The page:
Covid-19: why are some animals now being vaccinated?

The race is on to immunise humanity but animals are also at risk from the coronavirus

Beta V.1.0 - Powered by automated translation

Follow the latest updates on the Covid-19 pandemic here

More than 1.8 billion people have received at least one dose of a Covid-19 vaccine as the international community comes together to fight the pandemic.

But it is not only the human race that needs protection from the highly contagious virus.

Animals are also being immunised to safeguard their health and limit the spread of the virus.

In the US, vaccines from an animal drug producer, Zoetis, are being used on zoo creatures from mountain lions to grizzly bears.

Zoetis developed coronavirus vaccines for dogs and for cats last year before producing a version for mink later in 2020 following several Covid-19 outbreaks on fur farms.

These shots use the same antigen found in a human coronavirus vaccine but the adjuvants – substances added to strengthen the immune response – vary.

Trials proved that the vaccines were safe and likely to be effective. In Russia, domestic animals, including dogs, have been vaccinated with a shot developed in the country called Carnivac-Cov, mass production of which reportedly began in April.

Dogs kept by the country’s military were said to have been vaccinated before a parade in early May, and there were reports from later that month that veterinary surgeries in various parts of the country were vaccinating animals.

Here we look at the animals that have been infected with Sars-CoV-2, the coronavirus that causes Covid-19, and consider why they are being vaccinated.

What animals can be infected with the coronavirus?

A lion rests in an enclosure on April 10, 2019, at the sanctuary in Jerash, some 50 kilometres north of the Jordanian capital. For more than a year after being moved to a Jordanian wildlife reserve from war-hit Syria, the bears Loz and Sukkar cowered when they heard a plane go by fearing bombardment.
They are among dozens of animals that have been rescued from regional war zones, including the Israeli-blockaded Gaza Strip, and brought to the kingdom's Al Ma'wa For Nature and Wildlife. / AFP / afp / Khalil MAZRAAWI

According to the US Centres for Disease Control and Prevention, many zoo animals have been infected with the coronavirus, including gorillas and big cats such as cougars, lions, pumas, snow leopards and tigers.

These are thought to have caught Covid-19 from zookeepers, but reports indicate that big cats and gorillas recovered without serious illness.

As reported in The National, Dutch and Canadian studies found signs of coronavirus infection in many pets whose owners had Covid-19, with the results indicating human-to-pet transmission. The most serious outbreaks among animals have been in mink farms in many countries, with the animals having been infected by workers before mink-to-mink spread took place.

Millions of mink were culled in Denmark last year because of concerns about a variant found in them. In Denmark, the Netherlands, Poland, and possibly the US, there have been cases of mink passing the virus back to farm workers.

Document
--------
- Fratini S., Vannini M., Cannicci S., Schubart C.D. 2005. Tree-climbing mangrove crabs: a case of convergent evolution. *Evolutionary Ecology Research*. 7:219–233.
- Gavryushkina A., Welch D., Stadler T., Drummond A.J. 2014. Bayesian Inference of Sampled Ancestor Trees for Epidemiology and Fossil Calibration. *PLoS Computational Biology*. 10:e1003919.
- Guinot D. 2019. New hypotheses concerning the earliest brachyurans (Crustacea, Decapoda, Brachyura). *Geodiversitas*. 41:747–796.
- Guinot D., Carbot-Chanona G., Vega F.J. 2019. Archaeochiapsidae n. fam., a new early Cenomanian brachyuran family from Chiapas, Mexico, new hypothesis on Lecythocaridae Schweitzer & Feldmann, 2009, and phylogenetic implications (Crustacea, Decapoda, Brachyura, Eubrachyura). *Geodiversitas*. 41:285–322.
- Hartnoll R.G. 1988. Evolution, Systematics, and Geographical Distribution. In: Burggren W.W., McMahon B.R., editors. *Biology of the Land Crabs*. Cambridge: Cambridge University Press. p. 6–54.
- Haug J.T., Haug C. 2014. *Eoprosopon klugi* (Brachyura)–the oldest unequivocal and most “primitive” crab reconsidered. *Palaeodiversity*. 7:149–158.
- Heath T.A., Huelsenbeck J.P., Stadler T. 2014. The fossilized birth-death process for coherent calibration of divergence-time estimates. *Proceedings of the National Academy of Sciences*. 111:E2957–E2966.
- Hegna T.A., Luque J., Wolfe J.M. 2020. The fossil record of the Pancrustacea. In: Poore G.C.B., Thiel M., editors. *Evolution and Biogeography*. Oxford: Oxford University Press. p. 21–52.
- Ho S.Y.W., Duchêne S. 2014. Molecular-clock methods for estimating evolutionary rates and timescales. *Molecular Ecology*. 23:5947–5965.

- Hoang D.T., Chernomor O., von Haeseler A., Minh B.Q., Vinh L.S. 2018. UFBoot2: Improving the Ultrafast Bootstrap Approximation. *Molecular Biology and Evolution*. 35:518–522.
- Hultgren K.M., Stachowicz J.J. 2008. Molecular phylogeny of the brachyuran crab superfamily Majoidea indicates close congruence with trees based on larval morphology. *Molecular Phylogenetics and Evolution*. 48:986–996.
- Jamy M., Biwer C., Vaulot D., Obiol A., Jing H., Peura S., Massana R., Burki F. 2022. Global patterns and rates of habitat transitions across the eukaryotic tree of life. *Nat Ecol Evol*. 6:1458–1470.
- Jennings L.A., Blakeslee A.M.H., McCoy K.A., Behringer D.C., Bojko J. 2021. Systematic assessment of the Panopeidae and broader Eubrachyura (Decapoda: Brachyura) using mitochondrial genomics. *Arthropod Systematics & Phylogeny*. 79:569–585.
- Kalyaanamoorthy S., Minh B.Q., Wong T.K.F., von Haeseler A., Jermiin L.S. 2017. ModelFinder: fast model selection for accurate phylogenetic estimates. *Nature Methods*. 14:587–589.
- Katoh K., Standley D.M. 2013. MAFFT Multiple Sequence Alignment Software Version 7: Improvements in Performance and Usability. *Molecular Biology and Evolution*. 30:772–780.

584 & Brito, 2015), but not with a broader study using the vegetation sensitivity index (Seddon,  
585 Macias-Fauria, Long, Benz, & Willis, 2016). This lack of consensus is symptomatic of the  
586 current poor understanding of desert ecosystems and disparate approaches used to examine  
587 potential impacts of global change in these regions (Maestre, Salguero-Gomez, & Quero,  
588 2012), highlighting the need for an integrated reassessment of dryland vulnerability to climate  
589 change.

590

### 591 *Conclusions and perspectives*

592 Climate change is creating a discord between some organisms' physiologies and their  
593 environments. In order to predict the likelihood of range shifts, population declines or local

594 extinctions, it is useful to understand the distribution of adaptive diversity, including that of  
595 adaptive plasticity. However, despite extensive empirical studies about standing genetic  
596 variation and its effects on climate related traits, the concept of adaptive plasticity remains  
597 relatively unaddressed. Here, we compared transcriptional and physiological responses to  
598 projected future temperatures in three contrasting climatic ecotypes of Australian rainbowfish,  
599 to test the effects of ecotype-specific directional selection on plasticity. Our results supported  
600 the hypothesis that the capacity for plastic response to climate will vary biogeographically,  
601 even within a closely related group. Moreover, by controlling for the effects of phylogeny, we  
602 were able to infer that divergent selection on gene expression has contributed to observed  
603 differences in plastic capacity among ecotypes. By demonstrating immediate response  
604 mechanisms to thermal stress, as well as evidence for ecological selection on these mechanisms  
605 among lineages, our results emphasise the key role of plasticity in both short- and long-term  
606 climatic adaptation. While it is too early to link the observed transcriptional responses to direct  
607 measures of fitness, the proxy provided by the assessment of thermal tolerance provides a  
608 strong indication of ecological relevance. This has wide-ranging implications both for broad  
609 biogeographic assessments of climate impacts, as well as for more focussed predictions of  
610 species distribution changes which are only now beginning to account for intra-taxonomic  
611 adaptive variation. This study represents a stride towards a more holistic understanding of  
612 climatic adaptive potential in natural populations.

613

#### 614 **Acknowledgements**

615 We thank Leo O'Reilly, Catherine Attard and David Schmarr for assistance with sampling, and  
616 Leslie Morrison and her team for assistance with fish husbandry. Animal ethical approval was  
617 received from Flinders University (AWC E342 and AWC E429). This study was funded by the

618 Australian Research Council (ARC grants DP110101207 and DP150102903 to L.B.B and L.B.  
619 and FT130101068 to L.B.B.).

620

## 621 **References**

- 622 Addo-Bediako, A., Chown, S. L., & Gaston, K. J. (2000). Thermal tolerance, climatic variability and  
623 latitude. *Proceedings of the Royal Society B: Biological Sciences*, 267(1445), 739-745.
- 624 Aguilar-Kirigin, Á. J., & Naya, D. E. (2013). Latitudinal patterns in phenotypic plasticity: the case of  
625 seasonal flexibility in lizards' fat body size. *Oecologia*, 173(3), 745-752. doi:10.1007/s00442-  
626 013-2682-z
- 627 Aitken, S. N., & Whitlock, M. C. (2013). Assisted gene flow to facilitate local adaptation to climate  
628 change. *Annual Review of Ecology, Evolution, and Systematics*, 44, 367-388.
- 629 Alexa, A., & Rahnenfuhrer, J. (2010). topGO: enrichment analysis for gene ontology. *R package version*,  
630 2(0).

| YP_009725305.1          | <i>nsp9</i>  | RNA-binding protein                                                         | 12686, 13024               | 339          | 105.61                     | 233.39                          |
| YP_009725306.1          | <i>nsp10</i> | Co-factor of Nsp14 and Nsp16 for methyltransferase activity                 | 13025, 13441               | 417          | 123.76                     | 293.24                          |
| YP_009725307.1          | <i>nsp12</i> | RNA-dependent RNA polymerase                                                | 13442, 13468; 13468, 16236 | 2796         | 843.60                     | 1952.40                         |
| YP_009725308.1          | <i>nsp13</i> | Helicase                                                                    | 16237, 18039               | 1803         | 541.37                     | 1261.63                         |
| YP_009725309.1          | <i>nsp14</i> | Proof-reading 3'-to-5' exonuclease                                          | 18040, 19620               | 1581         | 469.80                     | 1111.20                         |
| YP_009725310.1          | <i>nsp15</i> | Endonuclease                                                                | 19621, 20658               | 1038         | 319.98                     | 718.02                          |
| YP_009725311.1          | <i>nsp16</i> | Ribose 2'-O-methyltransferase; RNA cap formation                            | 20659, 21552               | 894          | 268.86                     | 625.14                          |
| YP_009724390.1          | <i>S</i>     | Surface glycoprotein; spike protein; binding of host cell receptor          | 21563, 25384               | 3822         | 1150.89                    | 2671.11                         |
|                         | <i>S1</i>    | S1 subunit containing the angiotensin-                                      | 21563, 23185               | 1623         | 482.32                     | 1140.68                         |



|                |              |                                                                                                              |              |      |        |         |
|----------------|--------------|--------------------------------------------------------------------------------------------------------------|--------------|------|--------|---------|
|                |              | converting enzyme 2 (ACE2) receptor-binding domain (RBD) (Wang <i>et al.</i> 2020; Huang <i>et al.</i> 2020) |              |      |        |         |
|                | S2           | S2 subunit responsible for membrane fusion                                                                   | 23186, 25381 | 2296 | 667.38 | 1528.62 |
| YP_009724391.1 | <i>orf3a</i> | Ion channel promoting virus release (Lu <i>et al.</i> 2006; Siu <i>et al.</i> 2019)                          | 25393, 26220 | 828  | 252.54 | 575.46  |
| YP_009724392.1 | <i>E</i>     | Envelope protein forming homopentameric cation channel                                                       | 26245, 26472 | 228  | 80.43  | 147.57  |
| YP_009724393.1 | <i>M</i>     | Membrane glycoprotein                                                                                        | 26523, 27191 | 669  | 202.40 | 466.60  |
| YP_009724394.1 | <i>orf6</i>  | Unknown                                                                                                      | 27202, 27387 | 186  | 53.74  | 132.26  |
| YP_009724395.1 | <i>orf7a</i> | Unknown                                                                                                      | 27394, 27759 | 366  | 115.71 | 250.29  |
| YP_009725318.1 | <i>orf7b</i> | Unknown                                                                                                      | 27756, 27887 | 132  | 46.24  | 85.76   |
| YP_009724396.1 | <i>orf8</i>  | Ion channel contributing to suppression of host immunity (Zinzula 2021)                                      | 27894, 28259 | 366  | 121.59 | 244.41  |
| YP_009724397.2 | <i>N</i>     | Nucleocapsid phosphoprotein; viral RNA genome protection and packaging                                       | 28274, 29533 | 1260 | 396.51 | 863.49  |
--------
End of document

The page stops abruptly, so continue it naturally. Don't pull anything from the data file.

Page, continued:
Why are zoo animals being vaccinated?

Conservationists are concerned that Covid-19 could affect endangered animals such as gorillas, so vaccination could protect them. Vaccination is also regarded as reducing the risk that the virus will mutate in animals and then spread back into people in a new form.

In January, Zoetis provided San Diego Zoo with vaccine supplies after gorillas there were infected with the coronavirus. The company announced last week that it had donated more than 11,000 doses, which are being used in more than 100 mammal species in nearly 70 American zoos plus more than a dozen other centres, such as sanctuaries.

After receiving supplies last week, one recipient, Oakland Zoo, started by giving the first of two doses to “highest risk” animals – black bears, ferrets, grizzly bears, mountain lions and tigers – with chimpanzees, fruit bats and pigs next in line.

“Up until now, we have been using public barriers at certain habitats to ensure social distancing, along with enhanced PPE [personal protective equipment] worn by staff to protect our susceptible species from Covid-19,” said Dr Alex Herman, the zoo’s vice president of veterinary services.

“We’re happy and relieved to now be able to better protect our animals with this vaccine.”

Do pets or farm animals need to be inoculated?

Experts are keen to emphasise that, although there have been cases of owners giving Covid-19 to their pets, transmission from pets to owners is not known to happen. The coronavirus is thought to have originated in bats and then spread, probably through an intermediate host, to people.

However, infections in people are now the result of human-to-human transmission, and the CDC says there is no evidence that animals play a significant role in spreading SARS-CoV-2 to people.

If pet owners have Covid-19, they are advised to minimise contact with their animals to ensure they do not give the creatures the disease.

Although pets sometimes catch Covid-19 from their owners, they have no or mild symptoms, so do not appear to be under threat. In line with this, Mahesh Kumar, Zoetis’s senior vice president for global biologics, said last week that “a Covid-19 vaccine is not needed in pets or livestock at this time”.

However, a Russian virologist, Dr Nadezhda Rakhmanina, said last month that farmed mink did need a vaccine because they could “get sick with coronavirus en masse”.

Updated: July 06, 2021, 11:30 AM